Roger Cox: Compass points to Scotland's most promising art graduates

Cate NewtonCate Newton
Cate Newton
The degree shows at Scotland's four largest art schools may be over, but work by some of this year's more promising graduates is now on display at Compass Gallery in Glasgow.

For more than 40 years, the gallery has made a point of providing a showcase for the latest crop of young Scottish artists in its New Generation Show. The gallery’s director Jill Gerber says: “Visitors to these end-of-year shows recently have commented on how little painting there is, but Compass has had the opportunity to invite and include many paintings, drawings and prints that were not on show in the art schools.

“Also included in the exhibition, Cate Newton from Duncan of Jordanstone College of Art has cast bronze anti-medals, a tribute to those anonymous victims of war, and Hannah Halliday from Gray’s School of Art in Aberdeen very effectively knits her daily journal with powerful messages.”

Catriona Newton, Duncan of Jordanstone School of Art

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Camille BernardCamille Bernard
Camille Bernard

Entitled Textures of War, these bronze medals created by Catriona Newton are intended as a memorial to the anonymous victims of conflict. Rather than bearing monarch’s heads or other patriotic imagery, their surfaces are instead intended to reflect “the semi-abstract imagery of melting, burning and strafing to convey the moment at which stability turns to chaos.”

Hannah Halliday, Gray’s School of Art

Hannah Halliday’s work is concerned with notions of time, history and tradition, and also issues surrounding mental health and the idea of keeping your hands busy. Her Knitted Journal takes a typically private, typically monochrome activity and gives it a vibrant, tactile and – when exhibited – very public spin.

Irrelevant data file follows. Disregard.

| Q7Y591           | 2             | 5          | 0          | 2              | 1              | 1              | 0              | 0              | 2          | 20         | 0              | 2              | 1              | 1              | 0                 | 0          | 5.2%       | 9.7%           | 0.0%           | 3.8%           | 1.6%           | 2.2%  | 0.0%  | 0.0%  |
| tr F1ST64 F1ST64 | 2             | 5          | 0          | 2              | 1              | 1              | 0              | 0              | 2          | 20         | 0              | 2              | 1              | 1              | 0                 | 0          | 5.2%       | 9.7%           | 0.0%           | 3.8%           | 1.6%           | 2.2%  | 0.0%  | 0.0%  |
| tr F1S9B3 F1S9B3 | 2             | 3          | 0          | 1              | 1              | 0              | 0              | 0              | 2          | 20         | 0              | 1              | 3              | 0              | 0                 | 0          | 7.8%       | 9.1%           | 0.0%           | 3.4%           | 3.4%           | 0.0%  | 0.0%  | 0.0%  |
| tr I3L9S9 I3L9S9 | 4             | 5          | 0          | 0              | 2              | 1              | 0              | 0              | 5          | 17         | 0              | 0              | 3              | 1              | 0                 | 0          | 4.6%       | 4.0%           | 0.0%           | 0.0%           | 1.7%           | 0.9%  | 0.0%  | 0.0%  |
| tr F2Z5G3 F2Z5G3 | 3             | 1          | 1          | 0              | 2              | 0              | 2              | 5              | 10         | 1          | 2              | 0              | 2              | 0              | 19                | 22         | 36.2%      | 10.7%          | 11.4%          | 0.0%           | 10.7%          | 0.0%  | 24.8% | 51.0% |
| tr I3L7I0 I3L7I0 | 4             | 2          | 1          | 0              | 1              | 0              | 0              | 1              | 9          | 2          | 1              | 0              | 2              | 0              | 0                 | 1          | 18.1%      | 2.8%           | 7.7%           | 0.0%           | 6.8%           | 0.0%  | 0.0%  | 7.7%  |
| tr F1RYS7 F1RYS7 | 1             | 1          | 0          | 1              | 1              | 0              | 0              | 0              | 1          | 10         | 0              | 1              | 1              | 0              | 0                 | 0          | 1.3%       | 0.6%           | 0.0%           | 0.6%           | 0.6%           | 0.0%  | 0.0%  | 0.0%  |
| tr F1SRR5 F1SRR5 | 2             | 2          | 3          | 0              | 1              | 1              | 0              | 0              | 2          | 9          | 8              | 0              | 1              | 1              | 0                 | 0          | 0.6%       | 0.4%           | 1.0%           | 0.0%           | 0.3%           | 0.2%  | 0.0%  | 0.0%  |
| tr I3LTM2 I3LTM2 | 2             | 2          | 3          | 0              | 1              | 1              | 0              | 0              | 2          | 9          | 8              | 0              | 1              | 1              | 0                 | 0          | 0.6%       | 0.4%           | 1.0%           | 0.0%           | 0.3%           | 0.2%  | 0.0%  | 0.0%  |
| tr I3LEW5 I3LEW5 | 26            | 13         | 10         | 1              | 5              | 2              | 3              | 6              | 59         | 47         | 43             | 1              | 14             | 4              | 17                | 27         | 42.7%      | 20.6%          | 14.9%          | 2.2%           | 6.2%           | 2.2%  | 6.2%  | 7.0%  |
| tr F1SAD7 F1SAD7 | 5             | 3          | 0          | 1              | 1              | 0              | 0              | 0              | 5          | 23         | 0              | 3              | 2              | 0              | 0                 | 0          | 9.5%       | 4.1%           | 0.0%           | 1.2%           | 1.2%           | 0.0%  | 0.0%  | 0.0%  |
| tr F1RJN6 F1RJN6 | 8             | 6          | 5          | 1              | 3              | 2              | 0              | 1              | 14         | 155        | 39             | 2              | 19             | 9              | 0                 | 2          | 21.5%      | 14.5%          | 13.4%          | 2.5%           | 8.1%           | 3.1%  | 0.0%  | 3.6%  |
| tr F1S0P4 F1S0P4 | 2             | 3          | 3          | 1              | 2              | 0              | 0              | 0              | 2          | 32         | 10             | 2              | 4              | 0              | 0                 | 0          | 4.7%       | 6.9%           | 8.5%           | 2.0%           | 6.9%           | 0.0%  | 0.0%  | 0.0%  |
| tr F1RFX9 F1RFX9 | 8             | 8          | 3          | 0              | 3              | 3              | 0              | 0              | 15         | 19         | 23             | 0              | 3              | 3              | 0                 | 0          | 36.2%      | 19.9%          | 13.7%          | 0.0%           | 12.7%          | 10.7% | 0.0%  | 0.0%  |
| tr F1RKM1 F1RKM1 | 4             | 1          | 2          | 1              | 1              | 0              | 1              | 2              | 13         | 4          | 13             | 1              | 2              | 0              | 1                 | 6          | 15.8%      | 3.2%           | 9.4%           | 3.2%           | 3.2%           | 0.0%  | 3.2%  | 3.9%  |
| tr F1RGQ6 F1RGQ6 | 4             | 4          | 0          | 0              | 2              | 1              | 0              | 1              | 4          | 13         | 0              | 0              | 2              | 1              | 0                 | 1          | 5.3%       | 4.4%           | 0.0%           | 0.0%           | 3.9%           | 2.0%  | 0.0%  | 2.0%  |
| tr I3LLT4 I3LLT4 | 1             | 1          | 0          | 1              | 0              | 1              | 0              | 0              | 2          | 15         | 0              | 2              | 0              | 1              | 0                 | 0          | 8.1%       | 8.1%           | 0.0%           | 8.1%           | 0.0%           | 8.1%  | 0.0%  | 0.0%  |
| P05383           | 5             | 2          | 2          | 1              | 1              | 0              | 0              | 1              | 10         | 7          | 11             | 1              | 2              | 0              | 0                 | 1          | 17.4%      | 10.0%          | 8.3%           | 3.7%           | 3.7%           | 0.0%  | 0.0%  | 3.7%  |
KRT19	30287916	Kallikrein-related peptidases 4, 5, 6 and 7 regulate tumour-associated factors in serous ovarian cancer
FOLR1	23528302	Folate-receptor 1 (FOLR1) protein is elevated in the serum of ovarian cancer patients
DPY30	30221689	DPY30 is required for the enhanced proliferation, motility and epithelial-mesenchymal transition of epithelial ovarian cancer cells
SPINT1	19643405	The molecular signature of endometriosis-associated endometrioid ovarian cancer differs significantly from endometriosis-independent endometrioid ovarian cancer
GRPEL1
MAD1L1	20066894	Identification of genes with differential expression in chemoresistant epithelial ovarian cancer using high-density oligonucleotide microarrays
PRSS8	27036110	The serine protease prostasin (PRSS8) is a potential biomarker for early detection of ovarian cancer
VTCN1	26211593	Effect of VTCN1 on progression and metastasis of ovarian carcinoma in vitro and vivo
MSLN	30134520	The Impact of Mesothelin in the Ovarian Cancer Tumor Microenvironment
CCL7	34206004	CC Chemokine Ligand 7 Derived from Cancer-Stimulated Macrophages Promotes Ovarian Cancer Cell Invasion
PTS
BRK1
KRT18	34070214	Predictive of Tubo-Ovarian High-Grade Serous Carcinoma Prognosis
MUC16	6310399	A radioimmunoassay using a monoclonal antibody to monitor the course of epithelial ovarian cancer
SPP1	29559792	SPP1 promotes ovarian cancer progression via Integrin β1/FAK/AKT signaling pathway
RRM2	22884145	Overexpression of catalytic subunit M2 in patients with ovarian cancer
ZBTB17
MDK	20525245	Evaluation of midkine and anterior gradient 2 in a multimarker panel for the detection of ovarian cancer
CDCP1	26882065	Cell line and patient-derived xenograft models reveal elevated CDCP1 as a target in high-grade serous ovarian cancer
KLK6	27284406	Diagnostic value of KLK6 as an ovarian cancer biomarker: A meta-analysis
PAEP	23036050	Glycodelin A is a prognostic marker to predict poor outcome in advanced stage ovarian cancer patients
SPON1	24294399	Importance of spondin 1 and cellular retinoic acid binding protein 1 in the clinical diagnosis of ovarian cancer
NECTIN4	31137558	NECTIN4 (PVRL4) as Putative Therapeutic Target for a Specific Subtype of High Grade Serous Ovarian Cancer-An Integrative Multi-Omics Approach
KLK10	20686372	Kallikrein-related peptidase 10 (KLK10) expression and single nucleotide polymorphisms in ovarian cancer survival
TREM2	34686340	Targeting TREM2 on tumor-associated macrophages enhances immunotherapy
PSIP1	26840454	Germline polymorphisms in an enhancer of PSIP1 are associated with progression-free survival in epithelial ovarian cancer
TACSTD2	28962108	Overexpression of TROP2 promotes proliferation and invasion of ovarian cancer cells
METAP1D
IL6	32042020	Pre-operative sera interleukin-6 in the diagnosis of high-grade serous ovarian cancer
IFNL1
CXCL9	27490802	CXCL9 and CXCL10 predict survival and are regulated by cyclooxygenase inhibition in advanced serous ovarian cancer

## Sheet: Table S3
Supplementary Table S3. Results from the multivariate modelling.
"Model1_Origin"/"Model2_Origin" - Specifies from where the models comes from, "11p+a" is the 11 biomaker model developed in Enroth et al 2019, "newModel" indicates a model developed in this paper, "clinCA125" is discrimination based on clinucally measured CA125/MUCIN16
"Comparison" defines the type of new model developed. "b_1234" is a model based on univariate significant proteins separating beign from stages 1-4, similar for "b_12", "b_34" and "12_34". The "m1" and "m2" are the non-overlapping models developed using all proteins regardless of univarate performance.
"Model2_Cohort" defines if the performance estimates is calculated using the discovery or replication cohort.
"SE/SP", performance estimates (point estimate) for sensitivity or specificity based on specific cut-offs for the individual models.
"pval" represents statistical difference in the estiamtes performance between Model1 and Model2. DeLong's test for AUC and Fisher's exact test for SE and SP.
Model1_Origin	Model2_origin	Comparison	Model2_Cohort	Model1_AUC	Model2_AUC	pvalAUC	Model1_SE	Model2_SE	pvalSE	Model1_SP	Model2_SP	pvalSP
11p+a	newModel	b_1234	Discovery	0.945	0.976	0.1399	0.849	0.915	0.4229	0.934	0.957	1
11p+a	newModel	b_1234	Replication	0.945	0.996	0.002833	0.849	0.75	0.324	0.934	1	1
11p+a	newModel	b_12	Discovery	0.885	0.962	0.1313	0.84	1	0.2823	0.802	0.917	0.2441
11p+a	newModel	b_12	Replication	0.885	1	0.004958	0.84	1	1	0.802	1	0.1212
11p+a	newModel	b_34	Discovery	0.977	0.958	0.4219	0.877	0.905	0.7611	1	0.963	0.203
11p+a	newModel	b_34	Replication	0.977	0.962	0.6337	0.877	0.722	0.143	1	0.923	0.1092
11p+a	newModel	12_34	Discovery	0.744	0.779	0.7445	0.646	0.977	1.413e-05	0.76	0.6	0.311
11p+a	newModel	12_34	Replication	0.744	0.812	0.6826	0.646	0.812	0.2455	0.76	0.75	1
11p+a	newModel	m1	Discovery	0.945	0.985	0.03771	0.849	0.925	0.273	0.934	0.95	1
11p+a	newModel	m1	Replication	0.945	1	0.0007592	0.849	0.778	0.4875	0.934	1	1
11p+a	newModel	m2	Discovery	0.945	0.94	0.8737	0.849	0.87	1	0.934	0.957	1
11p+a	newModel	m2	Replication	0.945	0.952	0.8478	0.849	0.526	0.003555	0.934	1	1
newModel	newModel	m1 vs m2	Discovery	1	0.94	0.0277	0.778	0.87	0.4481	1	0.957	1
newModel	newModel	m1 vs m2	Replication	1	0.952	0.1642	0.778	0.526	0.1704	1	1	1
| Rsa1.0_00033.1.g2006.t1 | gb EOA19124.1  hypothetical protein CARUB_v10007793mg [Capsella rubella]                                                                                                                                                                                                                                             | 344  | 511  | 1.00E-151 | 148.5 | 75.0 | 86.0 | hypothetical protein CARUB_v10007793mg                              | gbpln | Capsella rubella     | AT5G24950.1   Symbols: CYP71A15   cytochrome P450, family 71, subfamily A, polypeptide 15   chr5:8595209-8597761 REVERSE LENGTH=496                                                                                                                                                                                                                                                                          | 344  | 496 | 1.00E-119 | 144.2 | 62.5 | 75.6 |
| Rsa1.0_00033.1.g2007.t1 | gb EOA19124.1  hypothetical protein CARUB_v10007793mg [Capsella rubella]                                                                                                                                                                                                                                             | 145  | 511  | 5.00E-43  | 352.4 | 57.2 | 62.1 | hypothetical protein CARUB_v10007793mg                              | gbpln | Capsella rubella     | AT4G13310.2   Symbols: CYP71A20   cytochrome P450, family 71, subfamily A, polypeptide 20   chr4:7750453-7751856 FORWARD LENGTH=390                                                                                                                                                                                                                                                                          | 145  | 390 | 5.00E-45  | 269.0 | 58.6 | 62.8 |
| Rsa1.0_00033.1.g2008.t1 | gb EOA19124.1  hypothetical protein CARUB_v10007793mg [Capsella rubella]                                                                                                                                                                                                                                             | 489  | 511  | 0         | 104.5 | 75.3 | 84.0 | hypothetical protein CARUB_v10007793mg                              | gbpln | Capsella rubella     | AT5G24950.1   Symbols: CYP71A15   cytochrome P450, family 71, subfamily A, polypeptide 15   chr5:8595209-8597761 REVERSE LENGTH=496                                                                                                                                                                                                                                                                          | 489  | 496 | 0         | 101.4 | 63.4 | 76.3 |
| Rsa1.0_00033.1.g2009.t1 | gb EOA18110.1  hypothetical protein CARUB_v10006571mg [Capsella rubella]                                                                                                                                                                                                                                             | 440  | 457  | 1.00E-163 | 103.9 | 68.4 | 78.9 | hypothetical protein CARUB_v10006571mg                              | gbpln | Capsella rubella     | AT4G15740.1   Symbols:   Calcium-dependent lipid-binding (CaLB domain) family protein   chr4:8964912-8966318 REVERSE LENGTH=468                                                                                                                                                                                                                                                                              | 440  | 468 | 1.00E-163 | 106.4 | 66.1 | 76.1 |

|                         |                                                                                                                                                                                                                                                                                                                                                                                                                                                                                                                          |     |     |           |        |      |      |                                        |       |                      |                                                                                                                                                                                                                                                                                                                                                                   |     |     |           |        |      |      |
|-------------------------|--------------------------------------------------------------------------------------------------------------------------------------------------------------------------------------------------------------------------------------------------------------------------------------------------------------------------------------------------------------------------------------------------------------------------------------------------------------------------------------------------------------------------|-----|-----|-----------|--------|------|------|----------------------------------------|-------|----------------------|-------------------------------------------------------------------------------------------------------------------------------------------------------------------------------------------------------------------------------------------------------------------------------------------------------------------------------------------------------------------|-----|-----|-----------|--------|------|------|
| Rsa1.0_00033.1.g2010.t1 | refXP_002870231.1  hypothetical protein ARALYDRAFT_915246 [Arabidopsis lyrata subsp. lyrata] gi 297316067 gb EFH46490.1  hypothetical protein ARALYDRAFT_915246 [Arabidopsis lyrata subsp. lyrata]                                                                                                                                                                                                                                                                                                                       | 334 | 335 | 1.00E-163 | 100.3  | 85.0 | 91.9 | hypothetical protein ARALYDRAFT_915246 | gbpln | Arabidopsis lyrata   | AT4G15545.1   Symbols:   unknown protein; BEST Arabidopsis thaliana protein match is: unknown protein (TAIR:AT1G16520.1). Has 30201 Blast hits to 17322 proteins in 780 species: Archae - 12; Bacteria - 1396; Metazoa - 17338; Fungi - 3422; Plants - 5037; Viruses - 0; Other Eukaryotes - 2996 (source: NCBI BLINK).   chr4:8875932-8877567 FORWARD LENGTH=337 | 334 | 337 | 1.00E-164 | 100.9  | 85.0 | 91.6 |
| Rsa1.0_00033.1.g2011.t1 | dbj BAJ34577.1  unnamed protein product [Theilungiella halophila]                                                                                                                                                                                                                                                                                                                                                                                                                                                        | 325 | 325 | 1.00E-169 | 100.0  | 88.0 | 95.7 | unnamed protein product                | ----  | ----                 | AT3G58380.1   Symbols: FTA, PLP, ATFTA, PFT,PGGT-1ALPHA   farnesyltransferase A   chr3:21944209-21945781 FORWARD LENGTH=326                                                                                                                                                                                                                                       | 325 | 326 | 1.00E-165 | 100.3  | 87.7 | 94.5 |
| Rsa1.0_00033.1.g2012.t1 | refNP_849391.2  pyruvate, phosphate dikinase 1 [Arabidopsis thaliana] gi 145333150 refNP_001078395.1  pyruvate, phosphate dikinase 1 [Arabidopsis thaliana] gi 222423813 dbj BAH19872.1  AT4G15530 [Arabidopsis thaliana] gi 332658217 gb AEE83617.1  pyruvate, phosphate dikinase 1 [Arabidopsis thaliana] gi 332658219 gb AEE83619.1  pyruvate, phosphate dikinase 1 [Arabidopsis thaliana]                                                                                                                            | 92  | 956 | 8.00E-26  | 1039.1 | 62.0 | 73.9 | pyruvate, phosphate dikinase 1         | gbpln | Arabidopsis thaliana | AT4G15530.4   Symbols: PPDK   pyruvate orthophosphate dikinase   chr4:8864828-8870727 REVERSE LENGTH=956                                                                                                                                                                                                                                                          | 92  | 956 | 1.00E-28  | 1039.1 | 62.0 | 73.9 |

Camille Bernard, Glasgow School of Art

Camille BernardCamille Bernard
Camille Bernard

Part of a series of works entitled Harvest, at first glance Camille Bernard’s painting The Fall seems as if it might be about the abundance of nature. Look closer, however, and it becomes clear that all is not well in this particular garden: what harvest there is seems oddly inaccessible, and several of the human figures seem to be locked in a violent struggle to reach it.

Alexander Haywood-Smith, Edinburgh College of Art

Alexander Haywood Smith describes his paintings as “an imaginative fusion of landscapes based on various visited locations and archetypal symbols found in ancient mythology”. In his watercolour, Untitled (Moon), a snake winds its way down the trunk of a fleshy, organ-like tree.

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